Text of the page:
We agree with many of the conclusions made by the Aguirre lab, but not all. We agree that the RPGRIP INS44 mutation is not solely responsible for early-onset cone-rod dystrophy in MLHDs and indeed we have already published that an additional mutation acts to modify the age of onset of retinal degeneration in MLHDs. We do not agree, however, that sufficient evidence has been presented to conclude that the RPGRIP1 INS44 mutation is not involved with cone-rod dystrophy in this breed and we note that the Aguirre paper does not investigate the effects of the mutation on later onset PRA in the dachshund, showing only that a proportion of dachshunds genotyped as ins/ins did not develop an early onset functional disease. We note that in this investigation the majority of ins/ins animals did show retinal and ERG abnormalities whilst the controls did not. Until more conclusive evidence of non-involvement of RPGRIP1 INS44 in cone-rod dystrophy is presented we will continue to recommend that Dachshund breeders avoid breeding dogs that are homozygous for this mutation.
Data presented in the recent paper from the Aguirre lab are consistent with many previously published observations from other research teams and the following points summarise our current understanding of cone-rod dysplasia in miniature longhaired dachshunds;
• Dogs that are homozygous for the RPGRIP1 mutation (ins/ins) will not necessarily develop retinal degeneration (RD) at an early age, although some will.
• Ins/ins dogs usually have abnormal or absent cone photoreceptor function although the degree of loss depends on age of testing and is later in some dogs than others. They may also have abnormal retinal histopathology.
• There is an additional mutation, in a second gene, that influences the age of onset of retinal degeneration and homozygosity at both the RPGRIP1 locus and the newly mapped second region is necessary for a dog to develop early-onset RD.
• The involvement of the RPGRIP1 locus is definitive, based on the perfect association with cord1 in the AHT research colony, although we now know an additional mutation is involved, in a second region of the genome, that determines the age of onset of RD.
1. Miyadera, K., et al., Phenotypic variation and genotype-phenotype discordance in canine cone-rod dystrophy with an RPGRIP1 mutation. Mol Vis, 2009. 15: p. 2287-305.
2. Busse, C., et al., Ophthalmic and cone derived electrodiagnostic findings in outbred Miniature Long-haired Dachshunds homozygous for a RPGRIP1 mutation. Veterinary Ophthalmology, 2011. 14(3): p. 146-52.
3. Miyadera, K., et al., Genome-wide association study in RPGRIP1 (-/-) dogs identifies a modifier locus that determines the onset of retinal degeneration. Mamm Genome, 2011. 23(1-2): p. 212-23.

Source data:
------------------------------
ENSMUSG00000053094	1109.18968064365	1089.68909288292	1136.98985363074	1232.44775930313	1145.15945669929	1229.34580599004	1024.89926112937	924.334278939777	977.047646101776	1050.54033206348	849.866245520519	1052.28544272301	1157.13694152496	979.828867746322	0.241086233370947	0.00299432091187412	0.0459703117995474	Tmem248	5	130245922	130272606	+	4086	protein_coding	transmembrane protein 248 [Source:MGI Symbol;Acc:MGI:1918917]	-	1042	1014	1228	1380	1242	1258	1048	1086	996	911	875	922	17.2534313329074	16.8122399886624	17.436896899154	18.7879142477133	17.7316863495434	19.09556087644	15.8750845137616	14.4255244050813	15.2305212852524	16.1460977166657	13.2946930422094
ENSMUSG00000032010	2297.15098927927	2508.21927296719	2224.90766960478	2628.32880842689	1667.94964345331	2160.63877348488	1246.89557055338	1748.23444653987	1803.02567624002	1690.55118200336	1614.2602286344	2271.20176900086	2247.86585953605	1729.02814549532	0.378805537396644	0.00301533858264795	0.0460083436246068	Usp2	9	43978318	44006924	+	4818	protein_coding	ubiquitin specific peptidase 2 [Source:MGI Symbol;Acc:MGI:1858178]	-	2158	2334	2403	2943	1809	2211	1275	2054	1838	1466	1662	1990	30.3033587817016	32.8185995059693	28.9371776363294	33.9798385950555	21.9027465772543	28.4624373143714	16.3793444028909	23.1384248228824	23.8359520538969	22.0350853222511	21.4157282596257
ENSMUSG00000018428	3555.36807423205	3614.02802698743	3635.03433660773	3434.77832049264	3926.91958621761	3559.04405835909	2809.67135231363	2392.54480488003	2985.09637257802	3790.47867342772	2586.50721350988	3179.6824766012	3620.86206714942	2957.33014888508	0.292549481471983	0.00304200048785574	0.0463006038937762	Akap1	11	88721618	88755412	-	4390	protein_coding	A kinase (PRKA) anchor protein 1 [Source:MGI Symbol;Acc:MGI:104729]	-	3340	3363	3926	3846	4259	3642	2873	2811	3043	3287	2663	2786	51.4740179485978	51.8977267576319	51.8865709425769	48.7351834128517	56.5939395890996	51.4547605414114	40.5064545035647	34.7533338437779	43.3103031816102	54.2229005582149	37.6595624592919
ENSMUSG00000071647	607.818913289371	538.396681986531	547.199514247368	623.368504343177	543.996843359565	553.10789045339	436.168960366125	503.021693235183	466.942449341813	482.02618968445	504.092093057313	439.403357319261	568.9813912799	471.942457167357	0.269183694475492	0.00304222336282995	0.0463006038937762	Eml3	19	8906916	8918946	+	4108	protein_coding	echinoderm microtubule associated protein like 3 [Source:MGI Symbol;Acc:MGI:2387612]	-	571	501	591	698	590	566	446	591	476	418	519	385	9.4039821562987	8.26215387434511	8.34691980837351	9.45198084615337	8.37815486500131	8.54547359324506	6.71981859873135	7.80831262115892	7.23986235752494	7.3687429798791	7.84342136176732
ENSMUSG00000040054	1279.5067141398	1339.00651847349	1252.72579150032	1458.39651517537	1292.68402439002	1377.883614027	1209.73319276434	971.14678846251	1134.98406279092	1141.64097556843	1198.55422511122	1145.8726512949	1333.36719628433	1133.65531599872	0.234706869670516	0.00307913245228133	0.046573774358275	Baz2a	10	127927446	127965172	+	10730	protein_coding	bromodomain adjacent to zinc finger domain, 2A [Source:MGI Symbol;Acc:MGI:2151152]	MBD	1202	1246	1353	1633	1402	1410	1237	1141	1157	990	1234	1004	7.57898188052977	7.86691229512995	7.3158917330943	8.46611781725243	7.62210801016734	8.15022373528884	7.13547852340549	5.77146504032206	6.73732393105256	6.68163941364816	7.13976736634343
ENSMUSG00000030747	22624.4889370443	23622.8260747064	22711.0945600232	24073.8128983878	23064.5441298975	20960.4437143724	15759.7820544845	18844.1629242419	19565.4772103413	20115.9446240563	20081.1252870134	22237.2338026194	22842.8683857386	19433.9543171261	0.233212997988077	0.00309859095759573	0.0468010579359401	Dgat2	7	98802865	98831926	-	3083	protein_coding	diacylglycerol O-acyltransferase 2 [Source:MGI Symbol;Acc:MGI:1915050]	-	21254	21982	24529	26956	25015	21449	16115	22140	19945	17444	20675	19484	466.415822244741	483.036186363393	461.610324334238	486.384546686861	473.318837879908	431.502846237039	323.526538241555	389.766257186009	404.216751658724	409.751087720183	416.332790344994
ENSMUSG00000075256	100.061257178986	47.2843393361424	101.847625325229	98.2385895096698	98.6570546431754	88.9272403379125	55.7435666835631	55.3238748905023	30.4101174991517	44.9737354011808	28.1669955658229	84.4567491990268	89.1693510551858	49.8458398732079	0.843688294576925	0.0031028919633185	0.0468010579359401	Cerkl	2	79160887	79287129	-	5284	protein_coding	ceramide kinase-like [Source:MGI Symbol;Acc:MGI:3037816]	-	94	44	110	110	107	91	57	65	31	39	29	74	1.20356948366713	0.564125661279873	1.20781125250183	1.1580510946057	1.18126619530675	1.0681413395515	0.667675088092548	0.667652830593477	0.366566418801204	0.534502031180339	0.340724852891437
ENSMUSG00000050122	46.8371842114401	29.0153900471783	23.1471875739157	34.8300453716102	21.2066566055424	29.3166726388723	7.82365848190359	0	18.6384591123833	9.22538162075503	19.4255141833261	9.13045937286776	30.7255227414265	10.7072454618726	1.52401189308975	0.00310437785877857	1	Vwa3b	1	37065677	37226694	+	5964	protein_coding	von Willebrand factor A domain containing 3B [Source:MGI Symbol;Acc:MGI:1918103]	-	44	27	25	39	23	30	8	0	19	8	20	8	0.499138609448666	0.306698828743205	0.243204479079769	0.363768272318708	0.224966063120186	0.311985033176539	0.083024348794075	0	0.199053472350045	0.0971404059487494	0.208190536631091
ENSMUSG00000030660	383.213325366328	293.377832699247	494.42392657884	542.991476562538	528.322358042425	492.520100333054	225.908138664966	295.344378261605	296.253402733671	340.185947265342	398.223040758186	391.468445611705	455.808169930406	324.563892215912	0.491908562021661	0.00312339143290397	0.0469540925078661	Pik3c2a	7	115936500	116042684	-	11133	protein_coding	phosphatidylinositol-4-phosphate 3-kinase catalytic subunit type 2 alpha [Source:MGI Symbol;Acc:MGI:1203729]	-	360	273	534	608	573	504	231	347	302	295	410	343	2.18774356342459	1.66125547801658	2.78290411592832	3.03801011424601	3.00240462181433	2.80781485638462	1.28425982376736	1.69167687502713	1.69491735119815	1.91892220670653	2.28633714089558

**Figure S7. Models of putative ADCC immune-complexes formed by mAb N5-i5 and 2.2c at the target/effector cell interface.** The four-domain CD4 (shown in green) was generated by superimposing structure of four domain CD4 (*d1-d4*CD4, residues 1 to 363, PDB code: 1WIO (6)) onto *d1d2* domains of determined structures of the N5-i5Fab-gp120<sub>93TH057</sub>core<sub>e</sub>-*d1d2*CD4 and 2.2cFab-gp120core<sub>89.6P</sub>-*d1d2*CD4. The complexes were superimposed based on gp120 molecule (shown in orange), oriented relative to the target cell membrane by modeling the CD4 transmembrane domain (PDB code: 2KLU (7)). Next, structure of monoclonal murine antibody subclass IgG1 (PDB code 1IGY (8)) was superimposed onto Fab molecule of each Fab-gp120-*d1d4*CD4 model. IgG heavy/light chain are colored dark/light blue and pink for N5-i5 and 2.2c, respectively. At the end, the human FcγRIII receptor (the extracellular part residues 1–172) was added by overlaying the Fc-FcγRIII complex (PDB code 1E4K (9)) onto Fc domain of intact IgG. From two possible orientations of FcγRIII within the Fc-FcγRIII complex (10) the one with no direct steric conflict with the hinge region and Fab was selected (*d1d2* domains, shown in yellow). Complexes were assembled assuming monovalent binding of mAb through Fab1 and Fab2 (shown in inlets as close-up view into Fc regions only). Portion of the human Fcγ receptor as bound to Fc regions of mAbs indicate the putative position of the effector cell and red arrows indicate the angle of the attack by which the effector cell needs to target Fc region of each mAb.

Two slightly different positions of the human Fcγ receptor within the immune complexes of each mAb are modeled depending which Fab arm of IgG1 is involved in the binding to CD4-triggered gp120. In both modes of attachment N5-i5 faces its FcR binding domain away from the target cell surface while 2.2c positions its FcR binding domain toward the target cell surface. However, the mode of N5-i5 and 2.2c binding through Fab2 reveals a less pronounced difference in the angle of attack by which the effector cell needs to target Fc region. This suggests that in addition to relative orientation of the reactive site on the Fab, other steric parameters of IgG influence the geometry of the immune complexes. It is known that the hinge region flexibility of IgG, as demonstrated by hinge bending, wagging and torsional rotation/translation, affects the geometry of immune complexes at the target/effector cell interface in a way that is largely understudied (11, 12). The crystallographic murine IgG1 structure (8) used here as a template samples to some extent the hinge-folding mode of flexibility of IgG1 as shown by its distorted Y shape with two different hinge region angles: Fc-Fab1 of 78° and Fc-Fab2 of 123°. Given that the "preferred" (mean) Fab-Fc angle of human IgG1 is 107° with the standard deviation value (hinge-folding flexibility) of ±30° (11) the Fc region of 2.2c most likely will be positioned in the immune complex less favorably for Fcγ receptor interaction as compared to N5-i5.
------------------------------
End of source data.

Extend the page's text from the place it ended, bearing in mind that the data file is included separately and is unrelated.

Cathryn Mellersh, Animal Health Trust
David Sargan, University of Cambridge
Full details on Chronic Hepatitis and the Research Project can be found in the health section of this website or by contacting the Health Co-ordinators**.
BVA/KC HEALTH TESTING
A reminder that, with effect from 1st January 2010, any dog being tested under the official BVA/KC Health Schemes (i.e. Eye Scheme, Hip Scheme, Elbow Scheme) must be permanently identified by either microchip or tattoo. This means that from this date, permanent identification and registration documents will BOTH be required for Health Scheme certification.
**ESS Breed Clubs Health Co-ordinators:
Lesley Bloomfield (Tel: 01923 823579) Email
Louise Scott (Tel: 020 8427 3396) Email
EYE TESTING CLINICS
Updates to follow...
BREED HEALTH TESTING SEMINAR
The German Shorthaired Pointer Club &
The German Shorthaired Pointer Association
To be held at
My Pet Stop, Top Cliffe Close, Capital Park, Tingley, Wakefield. WF3 1BU
21st February 2010
10am - 4pm
Guest Speaker Dr Jeff Sampson
Specialists: Eye Testing Professor Peter Bedford
Heart Testing Sue Roberts
To reserve your place contact
Eileen Winser, Pointers, Wistow, Huntingdon,Cambs. PE28 2QH
Tel 01487 822366
FIELD SPANIEL SOCIETY HEALTH COMMITTEE
Health Testing Day
(Open to All Breeds)
Sponsoring the AHT DNA Archive
Great Alne & Kinwarton Memorial Hall, Alcester, Warks
7th February 2010
9 am - 5 pm
Specialists Eye Testing Heidi Featherstone
Heart Testing Mr David Fisher
DNA Profiling FSS Health Committee Staff
DNA Archive FSS Health Committee Staff
Semen Testing & Collection Angelika Von Heimendahl
Microchipping Debs Channon
(Any profit from Microchipping is to be split between breed rescue and health)
From January 1st 2010 CHS certificates will only be issued if your dog has been permanently identified (microchip or tattoo).
Contact Shula M Shipton (FSS Health Officer)
121 Malvern Street, Stapenhill, Burton-on-Trent Staffs. DE15 9DZ
Phone 01283 530408